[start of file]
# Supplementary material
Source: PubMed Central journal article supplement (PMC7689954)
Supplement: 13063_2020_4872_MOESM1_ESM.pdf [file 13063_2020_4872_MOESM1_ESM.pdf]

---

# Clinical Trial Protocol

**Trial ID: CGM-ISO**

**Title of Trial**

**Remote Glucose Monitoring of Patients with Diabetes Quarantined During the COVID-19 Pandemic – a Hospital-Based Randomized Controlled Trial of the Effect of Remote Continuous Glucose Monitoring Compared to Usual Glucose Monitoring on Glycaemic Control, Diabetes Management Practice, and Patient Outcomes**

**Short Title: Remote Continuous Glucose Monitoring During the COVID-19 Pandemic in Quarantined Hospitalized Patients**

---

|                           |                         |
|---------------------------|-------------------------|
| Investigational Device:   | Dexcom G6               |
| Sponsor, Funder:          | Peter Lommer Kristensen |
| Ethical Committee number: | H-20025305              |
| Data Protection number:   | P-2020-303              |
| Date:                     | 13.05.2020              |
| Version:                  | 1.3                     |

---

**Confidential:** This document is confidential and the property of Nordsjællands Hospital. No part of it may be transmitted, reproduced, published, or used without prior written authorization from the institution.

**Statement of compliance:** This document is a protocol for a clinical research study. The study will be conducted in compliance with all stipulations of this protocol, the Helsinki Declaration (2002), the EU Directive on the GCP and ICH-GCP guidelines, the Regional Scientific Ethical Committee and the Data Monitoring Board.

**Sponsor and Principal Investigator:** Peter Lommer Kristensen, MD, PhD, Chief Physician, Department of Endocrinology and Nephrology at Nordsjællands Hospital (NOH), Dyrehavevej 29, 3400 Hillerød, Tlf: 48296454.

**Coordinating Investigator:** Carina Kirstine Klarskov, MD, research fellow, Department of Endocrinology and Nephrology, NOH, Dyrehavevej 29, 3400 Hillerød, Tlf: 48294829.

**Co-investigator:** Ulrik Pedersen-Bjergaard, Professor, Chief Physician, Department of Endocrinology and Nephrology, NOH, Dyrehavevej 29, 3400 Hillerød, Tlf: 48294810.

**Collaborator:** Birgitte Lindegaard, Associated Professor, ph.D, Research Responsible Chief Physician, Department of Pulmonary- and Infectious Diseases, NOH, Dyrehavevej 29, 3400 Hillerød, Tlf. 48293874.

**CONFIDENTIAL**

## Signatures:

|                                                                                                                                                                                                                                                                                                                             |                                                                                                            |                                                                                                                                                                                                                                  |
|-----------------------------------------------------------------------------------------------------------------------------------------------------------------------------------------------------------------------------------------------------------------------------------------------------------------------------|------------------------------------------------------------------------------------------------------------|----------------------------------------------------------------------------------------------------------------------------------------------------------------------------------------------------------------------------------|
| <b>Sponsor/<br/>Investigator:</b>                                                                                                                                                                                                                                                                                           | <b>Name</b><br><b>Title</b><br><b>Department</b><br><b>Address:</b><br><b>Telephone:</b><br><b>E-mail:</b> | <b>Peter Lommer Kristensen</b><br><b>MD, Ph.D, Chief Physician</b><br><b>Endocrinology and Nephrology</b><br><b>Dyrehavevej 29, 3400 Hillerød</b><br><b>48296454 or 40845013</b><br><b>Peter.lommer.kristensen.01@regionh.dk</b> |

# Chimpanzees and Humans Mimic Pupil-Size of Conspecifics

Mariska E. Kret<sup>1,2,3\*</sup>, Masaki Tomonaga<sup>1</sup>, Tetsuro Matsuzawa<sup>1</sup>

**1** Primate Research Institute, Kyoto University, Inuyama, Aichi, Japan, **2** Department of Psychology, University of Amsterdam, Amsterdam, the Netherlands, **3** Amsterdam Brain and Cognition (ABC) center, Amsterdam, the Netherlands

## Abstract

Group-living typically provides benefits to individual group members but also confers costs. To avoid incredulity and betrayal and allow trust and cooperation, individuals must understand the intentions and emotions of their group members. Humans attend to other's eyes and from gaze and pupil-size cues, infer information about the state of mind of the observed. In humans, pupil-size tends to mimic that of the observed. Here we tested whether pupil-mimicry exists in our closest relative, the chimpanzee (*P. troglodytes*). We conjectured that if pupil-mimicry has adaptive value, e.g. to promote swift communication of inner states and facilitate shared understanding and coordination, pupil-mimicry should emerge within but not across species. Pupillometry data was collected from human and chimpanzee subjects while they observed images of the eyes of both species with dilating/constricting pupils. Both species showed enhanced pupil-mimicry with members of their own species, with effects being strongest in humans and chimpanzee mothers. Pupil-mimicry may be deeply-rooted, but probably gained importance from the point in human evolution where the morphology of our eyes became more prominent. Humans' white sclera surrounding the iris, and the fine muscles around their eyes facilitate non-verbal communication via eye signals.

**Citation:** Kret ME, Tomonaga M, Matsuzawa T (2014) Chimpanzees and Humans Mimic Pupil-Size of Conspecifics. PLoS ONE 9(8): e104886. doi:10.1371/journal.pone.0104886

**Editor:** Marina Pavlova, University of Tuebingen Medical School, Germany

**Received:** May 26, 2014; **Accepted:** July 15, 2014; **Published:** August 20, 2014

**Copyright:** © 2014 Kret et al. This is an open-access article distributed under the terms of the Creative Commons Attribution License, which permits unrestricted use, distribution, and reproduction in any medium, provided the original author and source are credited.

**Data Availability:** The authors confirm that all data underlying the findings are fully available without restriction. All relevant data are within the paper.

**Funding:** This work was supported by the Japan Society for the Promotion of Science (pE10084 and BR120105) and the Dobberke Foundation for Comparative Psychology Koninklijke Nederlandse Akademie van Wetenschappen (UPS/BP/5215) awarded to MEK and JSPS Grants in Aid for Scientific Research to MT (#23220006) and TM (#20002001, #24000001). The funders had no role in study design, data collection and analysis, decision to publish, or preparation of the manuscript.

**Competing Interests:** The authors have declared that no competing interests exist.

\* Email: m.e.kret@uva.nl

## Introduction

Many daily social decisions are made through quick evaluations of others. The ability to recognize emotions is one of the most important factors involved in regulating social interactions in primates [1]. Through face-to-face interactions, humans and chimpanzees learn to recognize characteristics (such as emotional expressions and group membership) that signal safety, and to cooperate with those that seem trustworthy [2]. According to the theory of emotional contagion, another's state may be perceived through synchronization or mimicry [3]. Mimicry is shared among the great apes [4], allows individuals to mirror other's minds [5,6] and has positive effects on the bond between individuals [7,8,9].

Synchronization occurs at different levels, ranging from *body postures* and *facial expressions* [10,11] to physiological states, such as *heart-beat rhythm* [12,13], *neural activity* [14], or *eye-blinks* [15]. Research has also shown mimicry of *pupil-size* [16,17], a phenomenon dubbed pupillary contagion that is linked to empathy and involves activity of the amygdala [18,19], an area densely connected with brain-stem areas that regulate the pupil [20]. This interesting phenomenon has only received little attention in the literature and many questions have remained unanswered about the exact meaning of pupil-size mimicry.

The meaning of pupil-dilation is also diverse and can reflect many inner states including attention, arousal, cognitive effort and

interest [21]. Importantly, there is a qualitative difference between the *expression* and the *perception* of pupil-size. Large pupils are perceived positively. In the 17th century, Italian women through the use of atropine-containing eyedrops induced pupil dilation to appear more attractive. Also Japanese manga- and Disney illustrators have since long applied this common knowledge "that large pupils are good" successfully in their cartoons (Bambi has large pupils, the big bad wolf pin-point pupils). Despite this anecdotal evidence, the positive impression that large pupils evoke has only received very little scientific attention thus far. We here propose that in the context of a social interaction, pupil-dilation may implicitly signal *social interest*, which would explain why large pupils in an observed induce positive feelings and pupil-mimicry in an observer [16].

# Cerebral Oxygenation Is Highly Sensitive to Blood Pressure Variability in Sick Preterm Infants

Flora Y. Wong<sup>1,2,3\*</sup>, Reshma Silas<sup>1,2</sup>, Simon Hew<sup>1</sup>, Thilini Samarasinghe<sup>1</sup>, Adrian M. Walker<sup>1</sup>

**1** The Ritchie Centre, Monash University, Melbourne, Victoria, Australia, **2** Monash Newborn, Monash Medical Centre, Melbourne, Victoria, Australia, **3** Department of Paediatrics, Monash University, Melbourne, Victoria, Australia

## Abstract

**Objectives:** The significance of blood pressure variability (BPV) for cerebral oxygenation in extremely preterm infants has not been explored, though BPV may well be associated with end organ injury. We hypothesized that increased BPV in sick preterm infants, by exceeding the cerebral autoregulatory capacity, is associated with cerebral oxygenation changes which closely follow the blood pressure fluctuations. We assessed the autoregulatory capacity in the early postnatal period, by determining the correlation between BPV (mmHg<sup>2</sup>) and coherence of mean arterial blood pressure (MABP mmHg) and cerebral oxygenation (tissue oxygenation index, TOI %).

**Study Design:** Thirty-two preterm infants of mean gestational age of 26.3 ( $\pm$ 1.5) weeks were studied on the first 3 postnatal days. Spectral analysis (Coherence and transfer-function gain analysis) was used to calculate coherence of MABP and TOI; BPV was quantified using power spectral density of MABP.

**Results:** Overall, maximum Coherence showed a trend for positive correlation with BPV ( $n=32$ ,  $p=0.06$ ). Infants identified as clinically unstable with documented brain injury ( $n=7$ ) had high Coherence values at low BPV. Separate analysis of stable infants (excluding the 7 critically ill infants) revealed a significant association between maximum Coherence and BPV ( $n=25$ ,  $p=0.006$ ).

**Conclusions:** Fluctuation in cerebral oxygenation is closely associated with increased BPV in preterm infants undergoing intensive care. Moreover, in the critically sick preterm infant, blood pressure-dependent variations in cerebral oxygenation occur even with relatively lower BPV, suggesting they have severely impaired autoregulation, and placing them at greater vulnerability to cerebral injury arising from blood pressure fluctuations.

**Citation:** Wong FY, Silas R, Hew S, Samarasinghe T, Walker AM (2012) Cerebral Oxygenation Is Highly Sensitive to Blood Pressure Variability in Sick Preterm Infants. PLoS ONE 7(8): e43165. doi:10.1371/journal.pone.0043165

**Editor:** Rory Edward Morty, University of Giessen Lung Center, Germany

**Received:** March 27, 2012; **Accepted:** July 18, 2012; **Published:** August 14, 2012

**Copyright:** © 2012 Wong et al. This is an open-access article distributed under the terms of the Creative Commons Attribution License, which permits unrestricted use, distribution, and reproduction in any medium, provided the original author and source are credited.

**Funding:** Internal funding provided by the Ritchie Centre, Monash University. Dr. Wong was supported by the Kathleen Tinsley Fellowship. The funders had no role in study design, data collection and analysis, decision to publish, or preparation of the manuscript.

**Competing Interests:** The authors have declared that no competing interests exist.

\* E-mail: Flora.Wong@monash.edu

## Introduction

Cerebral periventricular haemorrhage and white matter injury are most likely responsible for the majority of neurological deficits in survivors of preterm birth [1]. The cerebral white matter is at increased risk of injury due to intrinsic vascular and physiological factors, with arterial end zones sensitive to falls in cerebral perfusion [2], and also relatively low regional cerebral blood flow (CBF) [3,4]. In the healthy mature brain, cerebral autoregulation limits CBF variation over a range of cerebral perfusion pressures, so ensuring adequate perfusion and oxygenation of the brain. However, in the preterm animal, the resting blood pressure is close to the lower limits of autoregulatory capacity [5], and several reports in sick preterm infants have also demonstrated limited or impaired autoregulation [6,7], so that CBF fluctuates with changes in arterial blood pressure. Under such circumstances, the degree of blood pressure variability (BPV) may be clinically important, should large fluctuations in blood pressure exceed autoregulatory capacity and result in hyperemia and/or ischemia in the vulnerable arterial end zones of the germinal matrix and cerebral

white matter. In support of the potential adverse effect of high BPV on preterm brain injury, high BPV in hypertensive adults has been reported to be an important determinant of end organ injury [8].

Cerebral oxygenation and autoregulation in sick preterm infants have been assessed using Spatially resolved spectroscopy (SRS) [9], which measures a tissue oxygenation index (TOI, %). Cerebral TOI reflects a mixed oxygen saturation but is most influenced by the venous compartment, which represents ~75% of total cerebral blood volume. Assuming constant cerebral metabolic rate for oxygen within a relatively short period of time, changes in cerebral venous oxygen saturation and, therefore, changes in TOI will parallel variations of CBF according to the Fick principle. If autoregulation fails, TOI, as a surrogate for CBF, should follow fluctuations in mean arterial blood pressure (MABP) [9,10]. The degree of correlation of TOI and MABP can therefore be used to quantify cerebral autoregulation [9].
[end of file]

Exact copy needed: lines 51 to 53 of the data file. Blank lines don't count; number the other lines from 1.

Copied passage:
**1** The Ritchie Centre, Monash University, Melbourne, Victoria, Australia, **2** Monash Newborn, Monash Medical Centre, Melbourne, Victoria, Australia, **3** Department of Paediatrics, Monash University, Melbourne, Victoria, Australia

## Abstract

**Objectives:** The significance of blood pressure variability (BPV) for cerebral oxygenation in extremely preterm infants has not been explored, though BPV may well be associated with end organ injury. We hypothesized that increased BPV in sick preterm infants, by exceeding the cerebral autoregulatory capacity, is associated with cerebral oxygenation changes which closely follow the blood pressure fluctuations. We assessed the autoregulatory capacity in the early postnatal period, by determining the correlation between BPV (mmHg<sup>2</sup>) and coherence of mean arterial blood pressure (MABP mmHg) and cerebral oxygenation (tissue oxygenation index, TOI %).